Date of Award
Campus Access Thesis
Master of Arts (MA)
The wiles of women are central to the conflicts that arise in the fourteenth century poem Sir Gawain and the Green Knight. Through the trials and tribulations faced by Gawain, Knight of the Round Table, we come to understand that he blames women for his flaws. However, what happens when the gender of his opponent is not known but assumed? Gawain is not aware until the end of the text that he will have to consider this very question when it is revealed that the ultimate battle he faces is not with the Green Knight but with the goddess Morgan le Fay. This revelation comes as a surprise not only to Gawain but to the reader as well. Because of this unexpected ending, many scholars have ignored Morgan's role suggesting that she serves as a deus ex machina to the poem. However, the female agency that is interwoven into this text helps us to see how the connections between all of the women in the text represent a power that is greater than the mere superficial tricks suggested by Gawain. It is in this text that women are celebrated not denigrated.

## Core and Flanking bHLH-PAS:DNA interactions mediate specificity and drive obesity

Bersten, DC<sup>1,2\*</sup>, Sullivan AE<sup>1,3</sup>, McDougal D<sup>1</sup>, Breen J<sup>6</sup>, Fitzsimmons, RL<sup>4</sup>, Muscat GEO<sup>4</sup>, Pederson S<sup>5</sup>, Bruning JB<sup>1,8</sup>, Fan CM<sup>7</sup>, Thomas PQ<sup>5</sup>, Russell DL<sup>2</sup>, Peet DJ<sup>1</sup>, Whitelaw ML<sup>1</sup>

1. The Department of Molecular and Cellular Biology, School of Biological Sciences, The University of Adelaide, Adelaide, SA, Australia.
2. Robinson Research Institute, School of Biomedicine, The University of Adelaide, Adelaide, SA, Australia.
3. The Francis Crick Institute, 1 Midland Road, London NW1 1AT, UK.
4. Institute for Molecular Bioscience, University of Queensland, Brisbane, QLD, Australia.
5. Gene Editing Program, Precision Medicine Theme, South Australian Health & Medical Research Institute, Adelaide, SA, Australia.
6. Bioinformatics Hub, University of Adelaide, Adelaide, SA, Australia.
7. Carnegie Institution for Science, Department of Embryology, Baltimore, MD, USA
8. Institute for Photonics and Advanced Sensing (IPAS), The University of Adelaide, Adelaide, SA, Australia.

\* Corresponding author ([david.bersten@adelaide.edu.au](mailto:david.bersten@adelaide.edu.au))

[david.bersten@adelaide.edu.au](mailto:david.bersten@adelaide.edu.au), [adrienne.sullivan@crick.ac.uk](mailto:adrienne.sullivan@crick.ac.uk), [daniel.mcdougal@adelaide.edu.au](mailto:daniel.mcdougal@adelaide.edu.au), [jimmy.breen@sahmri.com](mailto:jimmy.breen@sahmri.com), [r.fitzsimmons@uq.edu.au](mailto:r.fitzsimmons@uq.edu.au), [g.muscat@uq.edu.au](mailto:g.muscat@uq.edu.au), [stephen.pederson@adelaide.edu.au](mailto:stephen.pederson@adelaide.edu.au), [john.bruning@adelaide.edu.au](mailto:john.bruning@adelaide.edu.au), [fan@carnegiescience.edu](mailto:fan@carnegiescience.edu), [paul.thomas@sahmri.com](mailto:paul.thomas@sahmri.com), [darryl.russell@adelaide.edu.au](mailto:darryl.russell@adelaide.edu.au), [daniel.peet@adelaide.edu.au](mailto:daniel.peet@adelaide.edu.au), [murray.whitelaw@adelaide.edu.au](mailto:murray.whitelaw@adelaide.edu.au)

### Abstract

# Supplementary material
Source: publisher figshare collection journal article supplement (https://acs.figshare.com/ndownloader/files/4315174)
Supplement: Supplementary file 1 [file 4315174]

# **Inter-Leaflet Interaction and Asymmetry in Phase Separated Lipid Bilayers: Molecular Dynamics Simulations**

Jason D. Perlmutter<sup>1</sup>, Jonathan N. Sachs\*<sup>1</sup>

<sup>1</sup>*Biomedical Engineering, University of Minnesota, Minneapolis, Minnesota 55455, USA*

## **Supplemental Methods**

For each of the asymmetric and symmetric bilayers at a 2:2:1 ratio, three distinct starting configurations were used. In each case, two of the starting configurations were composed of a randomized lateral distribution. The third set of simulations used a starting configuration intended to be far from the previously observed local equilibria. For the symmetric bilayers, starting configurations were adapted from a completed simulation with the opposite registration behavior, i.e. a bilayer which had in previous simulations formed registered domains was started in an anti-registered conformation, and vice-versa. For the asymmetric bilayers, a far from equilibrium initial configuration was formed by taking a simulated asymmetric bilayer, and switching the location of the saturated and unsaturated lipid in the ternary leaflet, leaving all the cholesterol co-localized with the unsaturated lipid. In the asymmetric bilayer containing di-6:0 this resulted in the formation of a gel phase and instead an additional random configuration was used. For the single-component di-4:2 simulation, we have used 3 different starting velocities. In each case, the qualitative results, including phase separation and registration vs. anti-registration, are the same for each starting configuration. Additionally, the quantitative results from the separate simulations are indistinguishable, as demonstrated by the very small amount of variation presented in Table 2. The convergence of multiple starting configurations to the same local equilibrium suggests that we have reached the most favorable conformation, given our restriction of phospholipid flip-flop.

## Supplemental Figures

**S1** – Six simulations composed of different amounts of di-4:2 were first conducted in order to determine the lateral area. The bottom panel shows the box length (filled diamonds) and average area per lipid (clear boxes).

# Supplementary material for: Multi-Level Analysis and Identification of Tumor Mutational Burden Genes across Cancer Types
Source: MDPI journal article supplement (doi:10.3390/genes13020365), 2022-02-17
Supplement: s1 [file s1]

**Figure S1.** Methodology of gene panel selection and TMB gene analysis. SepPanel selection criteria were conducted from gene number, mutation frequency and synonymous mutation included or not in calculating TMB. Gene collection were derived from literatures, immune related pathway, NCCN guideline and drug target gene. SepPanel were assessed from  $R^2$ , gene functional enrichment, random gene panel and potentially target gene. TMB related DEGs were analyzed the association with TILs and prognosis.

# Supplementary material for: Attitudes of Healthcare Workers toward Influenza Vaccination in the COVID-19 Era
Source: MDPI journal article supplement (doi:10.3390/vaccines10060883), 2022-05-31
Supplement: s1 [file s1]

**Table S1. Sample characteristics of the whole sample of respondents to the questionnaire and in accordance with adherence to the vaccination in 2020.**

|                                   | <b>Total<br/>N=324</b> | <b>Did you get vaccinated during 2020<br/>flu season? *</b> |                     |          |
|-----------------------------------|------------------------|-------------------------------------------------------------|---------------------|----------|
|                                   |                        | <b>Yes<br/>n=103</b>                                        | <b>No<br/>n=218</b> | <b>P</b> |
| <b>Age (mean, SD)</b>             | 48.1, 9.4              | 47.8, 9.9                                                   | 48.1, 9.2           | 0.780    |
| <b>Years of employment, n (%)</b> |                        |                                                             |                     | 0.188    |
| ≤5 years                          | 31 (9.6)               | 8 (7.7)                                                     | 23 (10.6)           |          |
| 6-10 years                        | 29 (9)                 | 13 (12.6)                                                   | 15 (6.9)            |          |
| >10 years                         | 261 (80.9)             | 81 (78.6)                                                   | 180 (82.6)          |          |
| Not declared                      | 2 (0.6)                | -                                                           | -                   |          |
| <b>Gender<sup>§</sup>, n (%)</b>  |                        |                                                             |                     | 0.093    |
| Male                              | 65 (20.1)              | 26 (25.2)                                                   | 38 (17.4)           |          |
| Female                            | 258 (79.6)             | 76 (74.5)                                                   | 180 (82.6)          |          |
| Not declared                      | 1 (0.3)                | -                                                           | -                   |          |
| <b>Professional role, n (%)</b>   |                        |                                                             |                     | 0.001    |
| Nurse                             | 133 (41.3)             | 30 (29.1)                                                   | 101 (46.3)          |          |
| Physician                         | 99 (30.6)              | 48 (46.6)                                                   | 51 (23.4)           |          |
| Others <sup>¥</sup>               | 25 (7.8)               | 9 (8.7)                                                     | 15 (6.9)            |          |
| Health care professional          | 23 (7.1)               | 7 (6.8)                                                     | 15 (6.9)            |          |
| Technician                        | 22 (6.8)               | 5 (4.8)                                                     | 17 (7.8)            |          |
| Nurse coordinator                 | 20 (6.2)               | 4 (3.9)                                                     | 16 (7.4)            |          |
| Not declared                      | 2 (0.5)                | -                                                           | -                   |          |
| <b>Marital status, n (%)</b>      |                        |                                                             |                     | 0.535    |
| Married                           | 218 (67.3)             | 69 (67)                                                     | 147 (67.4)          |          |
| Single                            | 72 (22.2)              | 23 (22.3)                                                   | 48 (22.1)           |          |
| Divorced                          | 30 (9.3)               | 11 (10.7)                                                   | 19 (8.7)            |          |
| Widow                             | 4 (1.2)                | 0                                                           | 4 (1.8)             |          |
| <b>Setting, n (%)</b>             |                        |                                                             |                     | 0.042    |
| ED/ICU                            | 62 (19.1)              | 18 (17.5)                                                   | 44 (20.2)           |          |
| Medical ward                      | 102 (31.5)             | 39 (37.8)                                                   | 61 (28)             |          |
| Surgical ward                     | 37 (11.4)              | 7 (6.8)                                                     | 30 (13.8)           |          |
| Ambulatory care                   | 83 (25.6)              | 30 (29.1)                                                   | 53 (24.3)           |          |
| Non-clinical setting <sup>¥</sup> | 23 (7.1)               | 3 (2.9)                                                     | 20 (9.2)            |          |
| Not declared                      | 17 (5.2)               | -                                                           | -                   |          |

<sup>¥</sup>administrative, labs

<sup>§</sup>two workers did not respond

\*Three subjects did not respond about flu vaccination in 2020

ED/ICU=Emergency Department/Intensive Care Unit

My central argument is that Morgan's character has been viewed as unnecessary because the reader interprets her naming as a signal to the end of the poem. However, I believe that Morgan's naming acts as a preface to a necessary rereading of the text. In this rereading, not only will there be possibilities for Morgan's purpose within the text, but also, her naming will reveal more about the other female characters than what was first assumed. The naming of Morgan le Fay will ultimately reveal that this is a poem that illuminates ideas on masculinity and femininity. Through various forms of disguise, what occur are gender games which create confusion as to how to fully define gender roles. As Morgan's revealing causes Gawain to reexamine how he defines himself, this battle between the masculine and feminine becomes a battle Gawain has within himself.
Johnson, Trina Marie, "Gender Games: A Goddess Inspired Rereading of Sir Gawain and the Green Knight" (2013). Graduate Masters Theses. 209.